Hayfever receives more medical Version 2funding than ME/CFS!  Hayfever… that sniffling, sneezing, stuffy head, “achoo” condition is thought to be more serious and receives more help and respect than myalgic encephalomyelitis (ME/CFS)!  When you consider what many people think of this illness, I guess it shouldn’t be surprising.  I doubt any breast cancer patient has ever heard:

“You’re being lazy, you need to exercise”… or “You can’t be sick, you look fine”… or my favorite: “Oh I think I have that too! I get tired after doing 100 errands all day long”.

The message we receive from Doctors, Nurses, Research Organizations, some family & friends & the media is:  ME/CFS just isn’t that bad of an illness.  And if you do happen to be bedridden and look sick and have serious medical complications, well, then you can’t possibly have ME.  That’s what I was told by more Doctors than I could ever count.  I either “wasn’t sick & just being lazy” or I was “too sick to possibly have that fatigue illness”.

A new study, conducted by the Danish, was just released that measured the degree of disability in MECFS patients (ie: how severe is the illness and where do we fall on the scale compared to other conditions).  The results will probably be shocking to everyone except ME patients…

In a list of 21 medical conditions, including: breast cancer, colon cancer, heart disease, renal failure, stroke brain, lung cancer, rheumatoid arthritis, sclerosis, depression, angina, among 10 others…
ME/CFS is listed first in severity of disability.   FIRST.

We have the lowest quality of life.  This comes as no surprise to me or probably any of us battling this illness.  I have friends & family that have battled many of the conditions compared to ME in this report and none of them were as debilitated as my case of ME/CFS.  Not even close.
A quote previously released by the Canadian ME/CFS Consensus reads:

“ME/CFS is actually more debilitating than most other medical problems in the world, including patients undergoing chemotherapy and HIV patients (until about 2 weeks before death).”   Canadian ME/CFS Consensus

That quote was stunning when it was released, but it was still just a quote.  This is the first study I know of that specifically compares the quality of life of ME/CFS to so many of the top illnesses out there.

Who was in the study?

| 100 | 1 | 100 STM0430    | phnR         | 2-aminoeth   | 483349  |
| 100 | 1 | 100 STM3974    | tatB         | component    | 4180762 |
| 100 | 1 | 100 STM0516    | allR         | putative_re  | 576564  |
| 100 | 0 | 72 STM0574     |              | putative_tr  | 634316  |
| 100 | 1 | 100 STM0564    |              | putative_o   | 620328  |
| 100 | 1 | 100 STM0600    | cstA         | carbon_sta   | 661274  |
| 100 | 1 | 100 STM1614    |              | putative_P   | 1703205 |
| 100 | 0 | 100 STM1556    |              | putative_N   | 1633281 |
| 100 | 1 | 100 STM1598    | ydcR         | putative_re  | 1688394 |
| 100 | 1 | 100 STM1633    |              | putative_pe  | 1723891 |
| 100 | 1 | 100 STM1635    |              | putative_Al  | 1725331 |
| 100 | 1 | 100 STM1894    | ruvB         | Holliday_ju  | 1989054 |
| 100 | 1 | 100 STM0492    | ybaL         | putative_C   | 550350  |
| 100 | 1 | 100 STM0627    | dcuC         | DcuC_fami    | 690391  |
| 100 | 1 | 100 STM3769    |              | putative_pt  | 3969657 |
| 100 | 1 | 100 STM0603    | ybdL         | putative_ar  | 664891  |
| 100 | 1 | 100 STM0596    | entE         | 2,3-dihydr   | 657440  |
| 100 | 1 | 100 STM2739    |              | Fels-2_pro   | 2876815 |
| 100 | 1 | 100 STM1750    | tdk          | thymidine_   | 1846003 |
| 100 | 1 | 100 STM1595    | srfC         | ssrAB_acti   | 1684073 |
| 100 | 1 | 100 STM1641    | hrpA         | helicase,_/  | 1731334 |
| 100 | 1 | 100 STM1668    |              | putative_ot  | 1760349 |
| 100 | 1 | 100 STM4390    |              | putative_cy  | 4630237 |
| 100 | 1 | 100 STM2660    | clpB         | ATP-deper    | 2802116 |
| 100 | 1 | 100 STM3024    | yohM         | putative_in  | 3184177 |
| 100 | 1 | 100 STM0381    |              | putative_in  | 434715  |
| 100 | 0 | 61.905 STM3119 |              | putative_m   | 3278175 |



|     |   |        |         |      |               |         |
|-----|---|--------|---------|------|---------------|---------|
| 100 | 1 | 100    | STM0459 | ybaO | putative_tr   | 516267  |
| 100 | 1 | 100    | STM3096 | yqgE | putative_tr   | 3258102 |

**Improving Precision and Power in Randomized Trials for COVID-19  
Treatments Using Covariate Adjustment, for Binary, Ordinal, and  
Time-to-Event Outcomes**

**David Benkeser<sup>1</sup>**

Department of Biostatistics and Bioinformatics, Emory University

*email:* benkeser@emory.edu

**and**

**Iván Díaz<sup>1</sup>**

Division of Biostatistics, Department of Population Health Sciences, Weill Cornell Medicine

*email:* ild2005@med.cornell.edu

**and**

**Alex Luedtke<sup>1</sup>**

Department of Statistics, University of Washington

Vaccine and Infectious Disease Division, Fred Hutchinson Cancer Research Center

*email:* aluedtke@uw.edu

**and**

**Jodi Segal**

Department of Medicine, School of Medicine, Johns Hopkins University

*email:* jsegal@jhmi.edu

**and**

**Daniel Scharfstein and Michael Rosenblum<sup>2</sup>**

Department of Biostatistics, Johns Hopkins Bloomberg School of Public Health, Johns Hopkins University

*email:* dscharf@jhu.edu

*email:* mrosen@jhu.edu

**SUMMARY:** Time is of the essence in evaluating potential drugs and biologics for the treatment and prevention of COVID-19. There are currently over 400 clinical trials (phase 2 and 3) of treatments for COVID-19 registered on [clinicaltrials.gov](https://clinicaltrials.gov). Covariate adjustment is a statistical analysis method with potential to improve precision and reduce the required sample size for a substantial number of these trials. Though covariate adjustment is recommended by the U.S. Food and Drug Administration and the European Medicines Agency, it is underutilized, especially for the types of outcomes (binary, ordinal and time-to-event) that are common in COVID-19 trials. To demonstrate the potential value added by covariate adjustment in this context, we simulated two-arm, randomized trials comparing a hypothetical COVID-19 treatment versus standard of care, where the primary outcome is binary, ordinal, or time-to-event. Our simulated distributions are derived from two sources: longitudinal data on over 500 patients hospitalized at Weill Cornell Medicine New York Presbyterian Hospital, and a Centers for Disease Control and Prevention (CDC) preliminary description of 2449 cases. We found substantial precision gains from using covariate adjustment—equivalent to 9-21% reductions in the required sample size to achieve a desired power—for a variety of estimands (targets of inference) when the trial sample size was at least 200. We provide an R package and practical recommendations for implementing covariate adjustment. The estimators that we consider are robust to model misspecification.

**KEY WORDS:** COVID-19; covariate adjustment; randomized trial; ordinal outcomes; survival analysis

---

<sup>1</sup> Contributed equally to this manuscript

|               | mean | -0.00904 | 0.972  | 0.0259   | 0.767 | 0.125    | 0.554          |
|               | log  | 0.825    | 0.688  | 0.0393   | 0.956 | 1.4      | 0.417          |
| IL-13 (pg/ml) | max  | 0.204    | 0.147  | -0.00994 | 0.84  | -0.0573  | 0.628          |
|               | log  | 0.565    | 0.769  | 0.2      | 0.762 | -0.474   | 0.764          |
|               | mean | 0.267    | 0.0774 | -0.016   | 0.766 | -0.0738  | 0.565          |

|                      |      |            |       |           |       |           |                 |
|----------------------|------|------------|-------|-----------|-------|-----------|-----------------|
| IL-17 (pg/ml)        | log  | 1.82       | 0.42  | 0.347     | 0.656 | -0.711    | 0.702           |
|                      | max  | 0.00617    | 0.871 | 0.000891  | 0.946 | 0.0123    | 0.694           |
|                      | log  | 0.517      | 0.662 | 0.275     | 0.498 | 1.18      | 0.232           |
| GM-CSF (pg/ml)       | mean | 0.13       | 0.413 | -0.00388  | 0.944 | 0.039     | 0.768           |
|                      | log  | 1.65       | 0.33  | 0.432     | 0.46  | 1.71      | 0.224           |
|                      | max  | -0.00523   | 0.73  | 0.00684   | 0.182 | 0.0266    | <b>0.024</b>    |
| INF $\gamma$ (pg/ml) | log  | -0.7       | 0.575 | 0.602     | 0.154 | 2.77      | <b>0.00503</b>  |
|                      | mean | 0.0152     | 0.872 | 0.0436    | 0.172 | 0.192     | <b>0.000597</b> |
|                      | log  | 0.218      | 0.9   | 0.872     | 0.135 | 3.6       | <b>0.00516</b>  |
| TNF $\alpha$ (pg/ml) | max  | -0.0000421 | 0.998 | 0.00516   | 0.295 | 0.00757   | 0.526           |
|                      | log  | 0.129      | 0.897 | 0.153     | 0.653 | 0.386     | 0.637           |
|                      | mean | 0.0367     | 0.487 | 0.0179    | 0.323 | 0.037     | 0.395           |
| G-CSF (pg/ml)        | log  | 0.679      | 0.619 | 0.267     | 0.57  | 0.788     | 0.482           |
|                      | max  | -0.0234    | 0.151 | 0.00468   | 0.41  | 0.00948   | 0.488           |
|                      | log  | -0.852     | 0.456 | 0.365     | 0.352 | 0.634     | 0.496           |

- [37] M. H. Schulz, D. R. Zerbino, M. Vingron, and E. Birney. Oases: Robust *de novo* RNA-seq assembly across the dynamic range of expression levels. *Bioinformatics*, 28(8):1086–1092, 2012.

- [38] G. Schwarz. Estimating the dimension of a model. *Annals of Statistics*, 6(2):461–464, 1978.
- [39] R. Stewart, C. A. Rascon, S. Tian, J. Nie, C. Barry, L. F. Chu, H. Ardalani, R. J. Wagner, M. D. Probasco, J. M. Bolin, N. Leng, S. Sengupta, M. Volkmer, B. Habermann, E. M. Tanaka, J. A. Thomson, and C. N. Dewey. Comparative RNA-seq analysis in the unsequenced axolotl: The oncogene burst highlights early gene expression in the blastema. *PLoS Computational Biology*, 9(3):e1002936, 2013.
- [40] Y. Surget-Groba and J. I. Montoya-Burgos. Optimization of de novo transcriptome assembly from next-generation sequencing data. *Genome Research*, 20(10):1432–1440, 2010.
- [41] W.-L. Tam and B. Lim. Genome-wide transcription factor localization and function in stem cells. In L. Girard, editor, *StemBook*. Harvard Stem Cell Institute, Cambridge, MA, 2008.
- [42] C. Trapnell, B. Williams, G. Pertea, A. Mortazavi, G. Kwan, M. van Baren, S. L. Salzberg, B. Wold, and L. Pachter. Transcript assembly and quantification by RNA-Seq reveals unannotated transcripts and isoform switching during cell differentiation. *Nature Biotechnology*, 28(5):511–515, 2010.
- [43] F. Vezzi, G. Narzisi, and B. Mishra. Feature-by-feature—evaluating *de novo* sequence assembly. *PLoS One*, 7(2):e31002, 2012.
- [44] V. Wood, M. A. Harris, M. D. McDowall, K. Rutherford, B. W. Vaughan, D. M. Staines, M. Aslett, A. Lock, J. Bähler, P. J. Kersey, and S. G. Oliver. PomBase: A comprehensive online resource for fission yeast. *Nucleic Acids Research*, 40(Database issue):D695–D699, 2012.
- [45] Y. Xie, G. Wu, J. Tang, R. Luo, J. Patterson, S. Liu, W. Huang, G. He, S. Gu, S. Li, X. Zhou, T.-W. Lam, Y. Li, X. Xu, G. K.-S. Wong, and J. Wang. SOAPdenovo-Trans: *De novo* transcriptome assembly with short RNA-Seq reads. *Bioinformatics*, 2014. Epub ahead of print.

All members of the Danish ME/CFS Patient Association (319 people) were asked to fill out questionnaires.
The questionnaire included something called the EQ-5D-3L (it’s a self reported, quality of life assessment).  From the 319 people, 105 ME patients were identified and gave responses that were valid to participate.

How did they come to this conclusion?

Often, you hear people say that self assessment reports don’t hold as much weight as say, a blood test that shows your “xyz is positive”.  I have always found that to be ironic as they are a much better gauge of people’s condition and severity.  After all, you can test negative for a condition and still have it.  Testing positive for Breast cancer for example, doesn’t show you how severe the disability of that patient will be. 
Patients know their bodies better than any potentially inaccurate blood test and are able to self report, even the smallest detail, to incredible accuracy.

Here are some of the questions patients were asked on the EQ-5D-3L (you checked what applied to you):

Screen Shot 2015-07-08 at 11.39.41 PM

What illnesses weren’t we compared to?

The only thing that struck me as being noticeably missing on the list were illnesses like Lupus and Lyme Disease.  But since the Danish didn’t have a quality of life score for Myalgic Encephalomyelitis, it’s not a big leap to assume they probably don’t have one yet for Lyme either.

A truly new understanding:

Whether you are severely ill or fairly functional, we share the same battle:  getting people to believe we have ME/CFS .  After all, no one could be completely bedridden, on oxygen and a morphine drip 24hrs a day and have MECFS… right?
This study might be small but it feels like a big step forward to me, to finally be able to say “wrong!” when that question gets asked and have a quantified severity of MECFS to back it up!